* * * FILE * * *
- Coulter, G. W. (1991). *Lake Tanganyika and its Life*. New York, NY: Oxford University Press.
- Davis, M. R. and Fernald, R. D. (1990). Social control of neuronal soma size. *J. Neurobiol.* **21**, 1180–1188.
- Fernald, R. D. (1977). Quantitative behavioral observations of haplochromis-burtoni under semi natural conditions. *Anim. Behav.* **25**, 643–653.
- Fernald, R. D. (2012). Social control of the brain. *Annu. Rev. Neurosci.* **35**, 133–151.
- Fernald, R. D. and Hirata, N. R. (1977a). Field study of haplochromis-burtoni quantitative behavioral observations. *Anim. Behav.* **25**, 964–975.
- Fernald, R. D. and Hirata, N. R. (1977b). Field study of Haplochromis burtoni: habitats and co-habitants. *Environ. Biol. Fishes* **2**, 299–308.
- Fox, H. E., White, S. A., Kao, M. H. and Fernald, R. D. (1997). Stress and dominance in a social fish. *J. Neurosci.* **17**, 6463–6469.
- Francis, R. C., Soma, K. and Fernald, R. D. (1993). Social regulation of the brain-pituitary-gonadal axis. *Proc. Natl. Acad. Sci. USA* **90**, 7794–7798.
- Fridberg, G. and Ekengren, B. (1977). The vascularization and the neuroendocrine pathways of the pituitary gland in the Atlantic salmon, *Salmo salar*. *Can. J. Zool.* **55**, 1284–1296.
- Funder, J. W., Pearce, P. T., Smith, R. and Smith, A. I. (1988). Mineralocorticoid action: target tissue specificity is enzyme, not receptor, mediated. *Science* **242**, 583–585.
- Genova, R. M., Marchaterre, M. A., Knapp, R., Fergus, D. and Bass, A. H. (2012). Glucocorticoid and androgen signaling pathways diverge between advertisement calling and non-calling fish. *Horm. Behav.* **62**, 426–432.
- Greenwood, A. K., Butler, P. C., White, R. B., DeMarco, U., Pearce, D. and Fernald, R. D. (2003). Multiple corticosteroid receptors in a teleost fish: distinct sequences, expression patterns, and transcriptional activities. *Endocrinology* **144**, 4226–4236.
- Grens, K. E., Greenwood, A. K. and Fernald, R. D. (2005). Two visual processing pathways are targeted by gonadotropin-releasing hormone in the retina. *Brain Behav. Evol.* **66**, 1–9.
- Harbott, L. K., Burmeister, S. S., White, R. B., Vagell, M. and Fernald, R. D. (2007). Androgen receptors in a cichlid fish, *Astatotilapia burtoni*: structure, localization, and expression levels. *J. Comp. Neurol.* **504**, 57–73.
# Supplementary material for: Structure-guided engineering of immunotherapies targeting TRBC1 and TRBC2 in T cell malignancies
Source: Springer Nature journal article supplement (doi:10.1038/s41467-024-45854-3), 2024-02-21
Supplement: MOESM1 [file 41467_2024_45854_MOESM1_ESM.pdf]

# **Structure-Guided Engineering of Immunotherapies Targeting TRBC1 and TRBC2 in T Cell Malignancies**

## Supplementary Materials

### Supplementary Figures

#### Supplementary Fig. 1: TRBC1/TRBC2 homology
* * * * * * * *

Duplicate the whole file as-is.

- Coulter, G. W. (1991). *Lake Tanganyika and its Life*. New York, NY: Oxford University Press.
- Davis, M. R. and Fernald, R. D. (1990). Social control of neuronal soma size. *J. Neurobiol.* **21**, 1180–1188.
- Fernald, R. D. (1977). Quantitative behavioral observations of haplochromis-burtoni under semi natural conditions. *Anim. Behav.* **25**, 643–653.
- Fernald, R. D. (2012). Social control of the brain. *Annu. Rev. Neurosci.* **35**, 133–151.
- Fernald, R. D. and Hirata, N. R. (1977a). Field study of haplochromis-burtoni quantitative behavioral observations. *Anim. Behav.* **25**, 964–975.
- Fernald, R. D. and Hirata, N. R. (1977b). Field study of Haplochromis burtoni: habitats and co-habitants. *Environ. Biol. Fishes* **2**, 299–308.
- Fox, H. E., White, S. A., Kao, M. H. and Fernald, R. D. (1997). Stress and dominance in a social fish. *J. Neurosci.* **17**, 6463–6469.
- Francis, R. C., Soma, K. and Fernald, R. D. (1993). Social regulation of the brain-pituitary-gonadal axis. *Proc. Natl. Acad. Sci. USA* **90**, 7794–7798.
- Fridberg, G. and Ekengren, B. (1977). The vascularization and the neuroendocrine pathways of the pituitary gland in the Atlantic salmon, *Salmo salar*. *Can. J. Zool.* **55**, 1284–1296.
- Funder, J. W., Pearce, P. T., Smith, R. and Smith, A. I. (1988). Mineralocorticoid action: target tissue specificity is enzyme, not receptor, mediated. *Science* **242**, 583–585.
- Genova, R. M., Marchaterre, M. A., Knapp, R., Fergus, D. and Bass, A. H. (2012). Glucocorticoid and androgen signaling pathways diverge between advertisement calling and non-calling fish. *Horm. Behav.* **62**, 426–432.
- Greenwood, A. K., Butler, P. C., White, R. B., DeMarco, U., Pearce, D. and Fernald, R. D. (2003). Multiple corticosteroid receptors in a teleost fish: distinct sequences, expression patterns, and transcriptional activities. *Endocrinology* **144**, 4226–4236.
- Grens, K. E., Greenwood, A. K. and Fernald, R. D. (2005). Two visual processing pathways are targeted by gonadotropin-releasing hormone in the retina. *Brain Behav. Evol.* **66**, 1–9.
- Harbott, L. K., Burmeister, S. S., White, R. B., Vagell, M. and Fernald, R. D. (2007). Androgen receptors in a cichlid fish, *Astatotilapia burtoni*: structure, localization, and expression levels. *J. Comp. Neurol.* **504**, 57–73.
# Supplementary material for: Structure-guided engineering of immunotherapies targeting TRBC1 and TRBC2 in T cell malignancies
Source: Springer Nature journal article supplement (doi:10.1038/s41467-024-45854-3), 2024-02-21
Supplement: MOESM1 [file 41467_2024_45854_MOESM1_ESM.pdf]

# **Structure-Guided Engineering of Immunotherapies Targeting TRBC1 and TRBC2 in T Cell Malignancies**

## Supplementary Materials

### Supplementary Figures

#### Supplementary Fig. 1: TRBC1/TRBC2 homology